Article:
During an initial visit at the clinic, patients provide home and school addresses and report some of their regular destinations. This information is integrated in the spatio-behavioural web application. Patients are equipped with a GPS receiver, an accelerometer, and a heart rate monitor. They are instructed on device usage—wearing the accelerometer at the hip, the heart rate monitor on the chest during all waking hours, and carrying the GPS device with them at all times and charging it overnight. A return envelope is provided to send the devices back through regular mail after completion of the 7-day period. The monitoring hardware configuration includes a Trimble Juno SC GPS unit (http://www.trimble.com/), an ActiGraph ActiTrainer activity monitor (http://www.theactigraph.com/), and a Polar Wearlink Heart transmitter chest monitor with wireless link to the activity monitor receptor. The GPS device has a manufacturer-reported spatial accuracy of 1–3 meters and is configured to collect location information over an epoch of one second. Collected coordinates are saved in an ArcGIS shapefile (.shp) format by a coding procedure that was developed under ArcPad and installed on the Trimble device within the Windows Mobile 6 platform. Shapefiles are compressed and stored on local memory every hour. The ActiTrainer accelerometer is configured to record counts for each axis at a one minute epoch. The HR monitor records heart beats per minute. Data are saved on the local memories of the GPS device for GPS tracking and of the physical activity monitor for HR and accelerometry. Upon reception of the devices at the clinic, data files are uploaded on a desktop computer for further processing.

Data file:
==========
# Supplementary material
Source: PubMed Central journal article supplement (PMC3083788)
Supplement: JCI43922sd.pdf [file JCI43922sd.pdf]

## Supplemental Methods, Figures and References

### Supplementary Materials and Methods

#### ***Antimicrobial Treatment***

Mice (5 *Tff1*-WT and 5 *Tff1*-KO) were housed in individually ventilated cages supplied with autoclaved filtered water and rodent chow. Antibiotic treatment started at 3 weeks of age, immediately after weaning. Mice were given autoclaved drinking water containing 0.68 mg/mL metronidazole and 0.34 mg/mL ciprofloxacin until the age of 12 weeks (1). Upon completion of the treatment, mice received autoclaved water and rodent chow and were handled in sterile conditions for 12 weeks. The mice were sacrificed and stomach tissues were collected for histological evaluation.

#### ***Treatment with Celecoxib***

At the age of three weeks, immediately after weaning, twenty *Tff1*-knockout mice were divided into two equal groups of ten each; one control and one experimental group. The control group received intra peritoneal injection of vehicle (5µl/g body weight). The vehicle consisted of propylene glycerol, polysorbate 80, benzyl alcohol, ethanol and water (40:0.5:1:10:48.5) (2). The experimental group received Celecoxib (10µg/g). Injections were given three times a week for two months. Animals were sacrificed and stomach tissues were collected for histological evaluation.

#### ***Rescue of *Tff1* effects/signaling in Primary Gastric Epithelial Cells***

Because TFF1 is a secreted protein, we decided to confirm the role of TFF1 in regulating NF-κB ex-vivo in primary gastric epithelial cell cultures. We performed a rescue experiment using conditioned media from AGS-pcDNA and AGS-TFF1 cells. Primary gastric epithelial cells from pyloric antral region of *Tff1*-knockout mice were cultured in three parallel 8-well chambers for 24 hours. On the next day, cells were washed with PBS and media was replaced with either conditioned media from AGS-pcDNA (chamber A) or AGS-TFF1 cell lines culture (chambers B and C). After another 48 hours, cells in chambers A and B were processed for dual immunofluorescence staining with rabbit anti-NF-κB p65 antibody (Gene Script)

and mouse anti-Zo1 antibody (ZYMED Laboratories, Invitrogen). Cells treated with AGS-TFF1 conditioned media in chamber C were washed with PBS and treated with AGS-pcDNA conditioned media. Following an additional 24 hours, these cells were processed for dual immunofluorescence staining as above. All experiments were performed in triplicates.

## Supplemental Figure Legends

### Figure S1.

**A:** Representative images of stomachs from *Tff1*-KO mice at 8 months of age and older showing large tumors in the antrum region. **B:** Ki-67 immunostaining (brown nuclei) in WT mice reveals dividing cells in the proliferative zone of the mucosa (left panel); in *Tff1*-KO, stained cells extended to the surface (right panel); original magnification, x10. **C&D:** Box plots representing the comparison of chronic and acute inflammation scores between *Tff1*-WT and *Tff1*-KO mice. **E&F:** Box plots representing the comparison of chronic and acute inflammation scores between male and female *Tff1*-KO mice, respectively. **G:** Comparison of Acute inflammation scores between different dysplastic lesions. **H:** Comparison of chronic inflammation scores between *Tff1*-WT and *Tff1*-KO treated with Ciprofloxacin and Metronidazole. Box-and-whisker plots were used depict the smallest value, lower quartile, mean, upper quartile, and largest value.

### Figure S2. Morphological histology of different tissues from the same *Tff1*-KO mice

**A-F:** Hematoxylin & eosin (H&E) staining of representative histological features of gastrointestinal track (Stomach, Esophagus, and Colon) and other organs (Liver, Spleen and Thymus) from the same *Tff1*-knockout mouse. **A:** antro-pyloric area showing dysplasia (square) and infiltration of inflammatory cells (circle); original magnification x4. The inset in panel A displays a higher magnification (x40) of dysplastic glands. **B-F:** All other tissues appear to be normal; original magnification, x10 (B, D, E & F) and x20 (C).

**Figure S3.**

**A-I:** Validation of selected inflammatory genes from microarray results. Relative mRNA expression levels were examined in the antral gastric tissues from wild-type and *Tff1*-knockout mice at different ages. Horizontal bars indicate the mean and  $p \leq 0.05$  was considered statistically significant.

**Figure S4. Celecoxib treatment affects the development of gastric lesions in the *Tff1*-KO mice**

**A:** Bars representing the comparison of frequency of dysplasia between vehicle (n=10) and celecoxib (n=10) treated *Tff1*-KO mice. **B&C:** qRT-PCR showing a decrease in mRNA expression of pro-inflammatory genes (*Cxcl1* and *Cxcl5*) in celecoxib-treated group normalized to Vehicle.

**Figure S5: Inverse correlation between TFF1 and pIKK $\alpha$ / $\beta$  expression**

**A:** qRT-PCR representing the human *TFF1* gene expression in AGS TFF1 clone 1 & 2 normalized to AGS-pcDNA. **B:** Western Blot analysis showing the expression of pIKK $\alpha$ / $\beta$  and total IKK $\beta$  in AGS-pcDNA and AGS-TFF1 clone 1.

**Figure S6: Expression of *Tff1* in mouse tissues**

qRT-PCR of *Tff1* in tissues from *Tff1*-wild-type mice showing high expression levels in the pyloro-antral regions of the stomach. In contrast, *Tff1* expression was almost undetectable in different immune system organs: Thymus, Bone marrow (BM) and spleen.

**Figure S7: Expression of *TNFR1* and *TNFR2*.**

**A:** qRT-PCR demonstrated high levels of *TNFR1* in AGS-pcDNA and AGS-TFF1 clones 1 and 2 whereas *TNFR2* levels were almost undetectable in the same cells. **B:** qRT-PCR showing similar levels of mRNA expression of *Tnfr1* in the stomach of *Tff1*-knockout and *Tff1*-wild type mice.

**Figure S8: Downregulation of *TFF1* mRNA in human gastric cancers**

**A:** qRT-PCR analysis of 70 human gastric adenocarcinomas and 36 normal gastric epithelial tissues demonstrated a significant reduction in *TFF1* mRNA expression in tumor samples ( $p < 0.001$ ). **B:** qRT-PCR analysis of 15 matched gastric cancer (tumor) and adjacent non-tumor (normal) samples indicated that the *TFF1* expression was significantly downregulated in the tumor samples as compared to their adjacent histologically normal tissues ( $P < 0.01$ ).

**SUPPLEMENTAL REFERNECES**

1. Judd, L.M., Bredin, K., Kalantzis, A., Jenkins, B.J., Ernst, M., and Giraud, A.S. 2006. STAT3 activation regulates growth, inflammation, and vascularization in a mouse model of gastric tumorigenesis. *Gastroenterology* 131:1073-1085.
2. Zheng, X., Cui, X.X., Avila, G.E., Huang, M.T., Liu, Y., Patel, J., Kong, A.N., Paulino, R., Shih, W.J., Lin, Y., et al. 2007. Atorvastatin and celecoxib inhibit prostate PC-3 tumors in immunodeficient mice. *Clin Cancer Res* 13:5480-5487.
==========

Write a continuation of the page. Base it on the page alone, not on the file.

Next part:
2.1.2. Data Treatment Expert System

An expert panel composed of epidemiologists, kinesiologists, pediatricians, cardiologists, geomaticians, and geographers worked on defining relevant indicators to support the lifestyle promotion intervention. The indicators were classified as follows: (a) physical activity and sedentary behaviour indicators, (b) spatial indicators and (c) combined indicators of physical activity and spatial behaviour, and finally (d) usage/device performance indicators.

An ArcGIS ArcToolBox was developed using Python language to automatise data treatment, that is, to derive indicators from raw GPS, accelerometry, and heart rate data files and generate a synthetic XML output file for web integration. The XML file contains data to be visualised through the online application, including geographic information of activity locations [8], GPS tracks of trips, accelerometry-related information, and HR data. The procedure is automated—an analyst runs the ArcToolBox on the raw data, which generates the XML file. Further qualification of detected activity locations can be made through the web application.

Raw data files are validated and cleaned prior to indicator construction. Poor quality datapoints are eliminated and missing GPS data are imputed according to specific rules outlined below. Accelerometry periods of 60 consecutive minutes with zero counts or more are considered as nonvalid/nonwear time [9, 10]. Days with less than 10 hours of valid accelerometry measures are discarded [11]. GPS data points are cleaned according to measures of precision related to the configuration of the satellites (dilution of precision, DOP values) and speed (values with horizontal DOP > 8 or vertical DOP > 15 or positional DOP > 13 and speed > 130 km/h are removed). Given that GPS tracks are rarely continuous because of loss of signal due to nonvisibility of satellites, particularly when inside homes or buildings, missing GPS data points are imputed according to time and proximity rules. Data points are interpolated for gaps of 2 to 60 minutes. No interpolation is done if the gap is over 60 minutes, except if the two observed consecutive points are less than 100 m apart. Raw GPS tracks are processed to identify activity locations and related visits.